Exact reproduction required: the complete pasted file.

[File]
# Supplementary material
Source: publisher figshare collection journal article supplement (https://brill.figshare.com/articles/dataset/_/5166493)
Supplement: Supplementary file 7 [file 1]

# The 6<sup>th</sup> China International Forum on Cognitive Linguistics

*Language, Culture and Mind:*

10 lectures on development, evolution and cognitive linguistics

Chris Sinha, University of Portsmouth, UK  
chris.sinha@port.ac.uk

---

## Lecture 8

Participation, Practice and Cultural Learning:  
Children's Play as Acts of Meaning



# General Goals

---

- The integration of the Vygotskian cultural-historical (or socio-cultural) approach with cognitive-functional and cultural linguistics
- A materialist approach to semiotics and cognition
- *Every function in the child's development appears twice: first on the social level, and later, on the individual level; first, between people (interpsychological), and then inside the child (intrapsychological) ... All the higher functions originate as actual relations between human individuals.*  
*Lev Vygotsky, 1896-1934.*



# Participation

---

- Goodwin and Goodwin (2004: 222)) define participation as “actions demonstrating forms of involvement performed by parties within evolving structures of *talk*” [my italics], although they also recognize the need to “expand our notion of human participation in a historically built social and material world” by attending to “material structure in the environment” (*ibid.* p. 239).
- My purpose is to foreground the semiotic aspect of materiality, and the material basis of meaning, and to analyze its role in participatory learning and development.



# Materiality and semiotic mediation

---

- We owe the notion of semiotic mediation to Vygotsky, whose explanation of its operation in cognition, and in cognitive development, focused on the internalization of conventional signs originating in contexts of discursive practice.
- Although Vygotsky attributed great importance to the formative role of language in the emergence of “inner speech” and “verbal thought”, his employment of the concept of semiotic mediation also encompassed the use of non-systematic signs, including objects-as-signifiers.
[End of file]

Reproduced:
# Supplementary material
Source: publisher figshare collection journal article supplement (https://brill.figshare.com/articles/dataset/_/5166493)
Supplement: Supplementary file 7 [file 1]

# The 6<sup>th</sup> China International Forum on Cognitive Linguistics

*Language, Culture and Mind:*

10 lectures on development, evolution and cognitive linguistics

Chris Sinha, University of Portsmouth, UK  
chris.sinha@port.ac.uk

---

## Lecture 8

Participation, Practice and Cultural Learning:  
Children's Play as Acts of Meaning



# General Goals

---

- The integration of the Vygotskian cultural-historical (or socio-cultural) approach with cognitive-functional and cultural linguistics
- A materialist approach to semiotics and cognition
- *Every function in the child's development appears twice: first on the social level, and later, on the individual level; first, between people (interpsychological), and then inside the child (intrapsychological) ... All the higher functions originate as actual relations between human individuals.*  
*Lev Vygotsky, 1896-1934.*



# Participation

---

- Goodwin and Goodwin (2004: 222)) define participation as “actions demonstrating forms of involvement performed by parties within evolving structures of *talk*” [my italics], although they also recognize the need to “expand our notion of human participation in a historically built social and material world” by attending to “material structure in the environment” (*ibid.* p. 239).
- My purpose is to foreground the semiotic aspect of materiality, and the material basis of meaning, and to analyze its role in participatory learning and development.



# Materiality and semiotic mediation

---

- We owe the notion of semiotic mediation to Vygotsky, whose explanation of its operation in cognition, and in cognitive development, focused on the internalization of conventional signs originating in contexts of discursive practice.
- Although Vygotsky attributed great importance to the formative role of language in the emergence of “inner speech” and “verbal thought”, his employment of the concept of semiotic mediation also encompassed the use of non-systematic signs, including objects-as-signifiers.